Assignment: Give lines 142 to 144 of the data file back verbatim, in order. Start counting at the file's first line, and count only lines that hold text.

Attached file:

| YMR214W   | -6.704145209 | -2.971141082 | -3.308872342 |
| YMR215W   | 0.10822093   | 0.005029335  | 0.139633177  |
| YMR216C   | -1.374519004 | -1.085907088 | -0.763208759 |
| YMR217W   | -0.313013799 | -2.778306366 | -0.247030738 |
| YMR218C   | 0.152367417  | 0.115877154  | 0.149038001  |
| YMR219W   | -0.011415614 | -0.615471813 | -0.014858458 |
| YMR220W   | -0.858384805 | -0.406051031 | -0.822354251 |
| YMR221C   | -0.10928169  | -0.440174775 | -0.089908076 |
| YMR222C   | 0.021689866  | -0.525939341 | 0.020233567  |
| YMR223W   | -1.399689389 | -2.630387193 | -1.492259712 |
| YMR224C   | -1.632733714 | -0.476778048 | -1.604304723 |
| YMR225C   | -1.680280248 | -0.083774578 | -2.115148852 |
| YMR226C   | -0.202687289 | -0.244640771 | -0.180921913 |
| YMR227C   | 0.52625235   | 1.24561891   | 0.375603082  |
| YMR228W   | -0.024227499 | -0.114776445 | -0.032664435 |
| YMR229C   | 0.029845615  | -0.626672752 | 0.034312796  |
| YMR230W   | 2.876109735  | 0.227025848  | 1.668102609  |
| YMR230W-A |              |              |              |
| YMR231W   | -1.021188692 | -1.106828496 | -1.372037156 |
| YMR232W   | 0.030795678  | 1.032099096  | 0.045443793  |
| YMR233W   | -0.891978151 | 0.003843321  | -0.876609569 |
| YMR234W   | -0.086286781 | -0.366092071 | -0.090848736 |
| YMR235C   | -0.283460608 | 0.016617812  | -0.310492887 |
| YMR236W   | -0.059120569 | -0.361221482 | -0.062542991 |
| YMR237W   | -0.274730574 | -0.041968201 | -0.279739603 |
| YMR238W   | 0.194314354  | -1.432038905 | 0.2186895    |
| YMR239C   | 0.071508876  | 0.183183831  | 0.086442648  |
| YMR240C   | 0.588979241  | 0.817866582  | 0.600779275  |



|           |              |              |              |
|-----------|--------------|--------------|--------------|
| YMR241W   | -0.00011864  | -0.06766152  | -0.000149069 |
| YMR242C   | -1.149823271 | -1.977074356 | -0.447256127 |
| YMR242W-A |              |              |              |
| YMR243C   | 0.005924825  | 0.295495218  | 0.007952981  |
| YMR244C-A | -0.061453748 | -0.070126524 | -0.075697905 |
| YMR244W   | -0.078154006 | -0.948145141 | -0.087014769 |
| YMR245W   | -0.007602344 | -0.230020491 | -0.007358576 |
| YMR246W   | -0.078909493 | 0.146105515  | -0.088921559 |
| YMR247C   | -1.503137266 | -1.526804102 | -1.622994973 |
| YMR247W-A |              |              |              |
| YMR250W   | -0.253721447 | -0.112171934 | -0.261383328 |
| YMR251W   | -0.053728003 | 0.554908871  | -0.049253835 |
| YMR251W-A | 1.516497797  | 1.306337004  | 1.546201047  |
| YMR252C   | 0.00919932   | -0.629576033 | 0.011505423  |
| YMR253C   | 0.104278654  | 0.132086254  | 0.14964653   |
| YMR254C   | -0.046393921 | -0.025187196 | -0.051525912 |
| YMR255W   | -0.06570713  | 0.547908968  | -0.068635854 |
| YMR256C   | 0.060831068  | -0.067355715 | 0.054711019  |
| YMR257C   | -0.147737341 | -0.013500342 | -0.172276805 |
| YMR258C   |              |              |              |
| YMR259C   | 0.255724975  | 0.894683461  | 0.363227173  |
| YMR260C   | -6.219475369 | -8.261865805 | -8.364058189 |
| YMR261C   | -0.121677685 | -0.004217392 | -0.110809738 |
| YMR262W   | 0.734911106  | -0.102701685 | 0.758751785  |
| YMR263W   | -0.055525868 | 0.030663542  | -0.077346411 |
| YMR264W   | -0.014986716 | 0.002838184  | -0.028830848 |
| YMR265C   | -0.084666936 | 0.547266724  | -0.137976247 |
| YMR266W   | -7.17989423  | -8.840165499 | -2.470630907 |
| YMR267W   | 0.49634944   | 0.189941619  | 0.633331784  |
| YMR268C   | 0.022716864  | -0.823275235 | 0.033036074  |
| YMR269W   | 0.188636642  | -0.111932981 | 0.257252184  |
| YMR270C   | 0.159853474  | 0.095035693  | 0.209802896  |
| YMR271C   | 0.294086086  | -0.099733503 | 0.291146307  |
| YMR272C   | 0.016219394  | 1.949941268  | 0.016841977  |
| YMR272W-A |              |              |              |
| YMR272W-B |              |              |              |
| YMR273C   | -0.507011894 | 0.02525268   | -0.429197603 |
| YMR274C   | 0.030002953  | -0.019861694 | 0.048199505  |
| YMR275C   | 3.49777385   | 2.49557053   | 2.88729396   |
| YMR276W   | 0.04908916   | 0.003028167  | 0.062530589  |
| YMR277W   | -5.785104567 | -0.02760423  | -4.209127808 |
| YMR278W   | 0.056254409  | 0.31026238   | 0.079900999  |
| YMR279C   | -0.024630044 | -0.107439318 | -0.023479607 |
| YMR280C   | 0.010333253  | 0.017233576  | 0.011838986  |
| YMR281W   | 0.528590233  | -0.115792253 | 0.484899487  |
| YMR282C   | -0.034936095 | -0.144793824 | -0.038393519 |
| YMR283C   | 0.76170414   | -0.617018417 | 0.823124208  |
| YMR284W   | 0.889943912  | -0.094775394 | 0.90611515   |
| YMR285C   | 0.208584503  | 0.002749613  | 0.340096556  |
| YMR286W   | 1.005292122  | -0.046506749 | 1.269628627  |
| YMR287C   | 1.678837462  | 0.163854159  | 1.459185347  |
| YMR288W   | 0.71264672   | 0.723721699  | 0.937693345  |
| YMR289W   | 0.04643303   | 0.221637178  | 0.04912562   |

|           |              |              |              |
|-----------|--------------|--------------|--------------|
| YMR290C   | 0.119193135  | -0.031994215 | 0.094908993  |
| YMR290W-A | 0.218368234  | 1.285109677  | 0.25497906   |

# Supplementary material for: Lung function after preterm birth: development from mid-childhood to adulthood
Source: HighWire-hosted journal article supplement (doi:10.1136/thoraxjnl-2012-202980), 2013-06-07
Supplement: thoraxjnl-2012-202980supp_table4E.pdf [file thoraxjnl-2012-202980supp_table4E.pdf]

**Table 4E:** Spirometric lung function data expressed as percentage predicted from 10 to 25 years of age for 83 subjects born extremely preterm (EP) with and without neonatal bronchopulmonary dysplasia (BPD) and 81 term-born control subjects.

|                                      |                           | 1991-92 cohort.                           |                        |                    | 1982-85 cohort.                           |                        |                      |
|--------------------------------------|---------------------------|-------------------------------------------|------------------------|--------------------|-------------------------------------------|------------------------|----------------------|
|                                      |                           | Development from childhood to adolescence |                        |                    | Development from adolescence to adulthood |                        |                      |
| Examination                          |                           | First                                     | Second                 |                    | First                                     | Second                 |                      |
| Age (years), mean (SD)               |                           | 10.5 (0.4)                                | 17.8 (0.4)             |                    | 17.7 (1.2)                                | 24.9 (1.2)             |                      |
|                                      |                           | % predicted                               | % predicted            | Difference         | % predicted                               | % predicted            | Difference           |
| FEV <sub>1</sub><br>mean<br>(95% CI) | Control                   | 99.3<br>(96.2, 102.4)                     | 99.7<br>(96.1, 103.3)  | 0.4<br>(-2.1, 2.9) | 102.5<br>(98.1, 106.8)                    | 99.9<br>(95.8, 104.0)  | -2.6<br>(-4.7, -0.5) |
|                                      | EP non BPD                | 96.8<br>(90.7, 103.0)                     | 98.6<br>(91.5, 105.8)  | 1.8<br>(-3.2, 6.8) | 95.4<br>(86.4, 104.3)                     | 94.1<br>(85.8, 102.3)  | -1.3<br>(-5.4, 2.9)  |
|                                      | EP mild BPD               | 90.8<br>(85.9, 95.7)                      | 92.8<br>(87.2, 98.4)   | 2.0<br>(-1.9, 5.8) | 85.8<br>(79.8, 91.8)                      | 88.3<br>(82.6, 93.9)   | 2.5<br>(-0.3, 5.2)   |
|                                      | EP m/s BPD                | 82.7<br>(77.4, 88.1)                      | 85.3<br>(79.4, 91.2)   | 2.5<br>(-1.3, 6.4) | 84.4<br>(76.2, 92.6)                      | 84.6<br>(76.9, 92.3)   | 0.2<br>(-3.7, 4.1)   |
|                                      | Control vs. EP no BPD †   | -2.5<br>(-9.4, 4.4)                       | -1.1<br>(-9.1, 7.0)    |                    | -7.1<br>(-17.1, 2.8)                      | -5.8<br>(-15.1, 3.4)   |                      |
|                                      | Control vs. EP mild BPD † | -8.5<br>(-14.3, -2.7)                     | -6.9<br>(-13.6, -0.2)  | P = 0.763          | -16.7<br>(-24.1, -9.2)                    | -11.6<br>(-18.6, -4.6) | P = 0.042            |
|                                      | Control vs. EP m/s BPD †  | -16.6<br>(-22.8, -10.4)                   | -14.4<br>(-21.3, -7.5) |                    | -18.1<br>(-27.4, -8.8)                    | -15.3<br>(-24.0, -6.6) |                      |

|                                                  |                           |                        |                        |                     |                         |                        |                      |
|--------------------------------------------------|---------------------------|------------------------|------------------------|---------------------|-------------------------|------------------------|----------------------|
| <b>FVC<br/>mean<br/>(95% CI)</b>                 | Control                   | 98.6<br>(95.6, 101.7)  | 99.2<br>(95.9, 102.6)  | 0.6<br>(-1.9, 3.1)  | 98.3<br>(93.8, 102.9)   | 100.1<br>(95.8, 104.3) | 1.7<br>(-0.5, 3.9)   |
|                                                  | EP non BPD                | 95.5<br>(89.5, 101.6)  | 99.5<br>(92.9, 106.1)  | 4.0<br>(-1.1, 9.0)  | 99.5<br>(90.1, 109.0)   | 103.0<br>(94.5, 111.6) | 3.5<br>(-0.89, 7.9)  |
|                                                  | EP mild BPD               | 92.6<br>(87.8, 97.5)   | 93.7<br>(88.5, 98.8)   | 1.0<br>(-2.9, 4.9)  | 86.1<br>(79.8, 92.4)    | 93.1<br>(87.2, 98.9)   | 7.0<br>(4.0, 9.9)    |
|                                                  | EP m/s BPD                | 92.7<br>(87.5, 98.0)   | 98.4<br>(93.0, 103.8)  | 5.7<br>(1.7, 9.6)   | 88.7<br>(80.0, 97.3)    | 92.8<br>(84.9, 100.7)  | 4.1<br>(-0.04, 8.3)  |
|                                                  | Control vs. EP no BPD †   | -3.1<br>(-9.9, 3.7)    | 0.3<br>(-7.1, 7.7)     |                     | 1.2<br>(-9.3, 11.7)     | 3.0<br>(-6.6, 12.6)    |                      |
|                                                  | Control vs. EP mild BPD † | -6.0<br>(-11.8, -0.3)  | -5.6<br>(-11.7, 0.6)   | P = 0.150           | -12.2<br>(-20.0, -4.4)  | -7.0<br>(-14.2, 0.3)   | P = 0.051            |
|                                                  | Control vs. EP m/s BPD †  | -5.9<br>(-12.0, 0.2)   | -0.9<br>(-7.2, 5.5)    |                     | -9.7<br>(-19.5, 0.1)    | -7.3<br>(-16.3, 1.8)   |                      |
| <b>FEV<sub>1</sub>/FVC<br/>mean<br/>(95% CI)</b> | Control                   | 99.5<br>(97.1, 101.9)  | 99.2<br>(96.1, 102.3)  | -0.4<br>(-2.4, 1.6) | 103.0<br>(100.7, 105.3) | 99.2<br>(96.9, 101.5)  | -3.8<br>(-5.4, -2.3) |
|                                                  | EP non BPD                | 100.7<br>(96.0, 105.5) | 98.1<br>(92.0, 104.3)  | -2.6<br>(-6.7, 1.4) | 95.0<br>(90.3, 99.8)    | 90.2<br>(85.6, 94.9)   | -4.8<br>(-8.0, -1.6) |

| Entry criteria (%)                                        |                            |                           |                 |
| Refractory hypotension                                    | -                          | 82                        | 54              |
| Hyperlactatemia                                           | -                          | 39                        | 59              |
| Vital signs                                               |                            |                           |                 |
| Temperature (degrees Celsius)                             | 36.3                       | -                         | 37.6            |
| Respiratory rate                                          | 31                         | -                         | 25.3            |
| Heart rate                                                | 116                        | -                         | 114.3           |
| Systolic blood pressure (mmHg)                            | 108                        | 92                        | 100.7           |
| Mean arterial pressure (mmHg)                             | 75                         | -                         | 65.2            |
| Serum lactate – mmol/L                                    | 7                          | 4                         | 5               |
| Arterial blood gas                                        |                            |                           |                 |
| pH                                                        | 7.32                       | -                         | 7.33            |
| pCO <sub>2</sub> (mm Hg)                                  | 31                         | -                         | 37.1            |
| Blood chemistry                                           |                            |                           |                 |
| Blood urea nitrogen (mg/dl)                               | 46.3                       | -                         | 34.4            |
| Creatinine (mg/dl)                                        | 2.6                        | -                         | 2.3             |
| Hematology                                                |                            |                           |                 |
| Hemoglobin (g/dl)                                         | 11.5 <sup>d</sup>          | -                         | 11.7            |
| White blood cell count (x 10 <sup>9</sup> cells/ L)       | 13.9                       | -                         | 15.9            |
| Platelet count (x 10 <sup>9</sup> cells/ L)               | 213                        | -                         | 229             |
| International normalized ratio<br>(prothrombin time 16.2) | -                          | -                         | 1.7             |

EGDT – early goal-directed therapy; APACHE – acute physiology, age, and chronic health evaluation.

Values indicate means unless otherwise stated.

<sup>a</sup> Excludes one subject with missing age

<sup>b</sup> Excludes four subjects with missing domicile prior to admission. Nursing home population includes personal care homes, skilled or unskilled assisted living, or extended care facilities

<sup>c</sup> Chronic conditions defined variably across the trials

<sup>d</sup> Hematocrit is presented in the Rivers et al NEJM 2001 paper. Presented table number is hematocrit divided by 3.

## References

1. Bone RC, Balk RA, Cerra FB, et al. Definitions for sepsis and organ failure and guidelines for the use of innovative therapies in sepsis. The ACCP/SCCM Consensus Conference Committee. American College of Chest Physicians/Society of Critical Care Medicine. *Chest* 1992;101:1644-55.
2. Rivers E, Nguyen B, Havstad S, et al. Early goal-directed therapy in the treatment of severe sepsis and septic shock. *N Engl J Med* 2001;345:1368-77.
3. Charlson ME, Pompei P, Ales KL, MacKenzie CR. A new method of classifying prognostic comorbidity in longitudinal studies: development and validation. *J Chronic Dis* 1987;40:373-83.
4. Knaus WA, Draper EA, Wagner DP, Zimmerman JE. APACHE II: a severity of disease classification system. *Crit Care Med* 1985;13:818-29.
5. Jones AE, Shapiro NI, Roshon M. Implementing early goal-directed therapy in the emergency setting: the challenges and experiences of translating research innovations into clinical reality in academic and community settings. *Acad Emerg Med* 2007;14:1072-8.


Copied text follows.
<sup>d</sup> Hematocrit is presented in the Rivers et al NEJM 2001 paper. Presented table number is hematocrit divided by 3.

## References

1. Bone RC, Balk RA, Cerra FB, et al. Definitions for sepsis and organ failure and guidelines for the use of innovative therapies in sepsis. The ACCP/SCCM Consensus Conference Committee. American College of Chest Physicians/Society of Critical Care Medicine. *Chest* 1992;101:1644-55.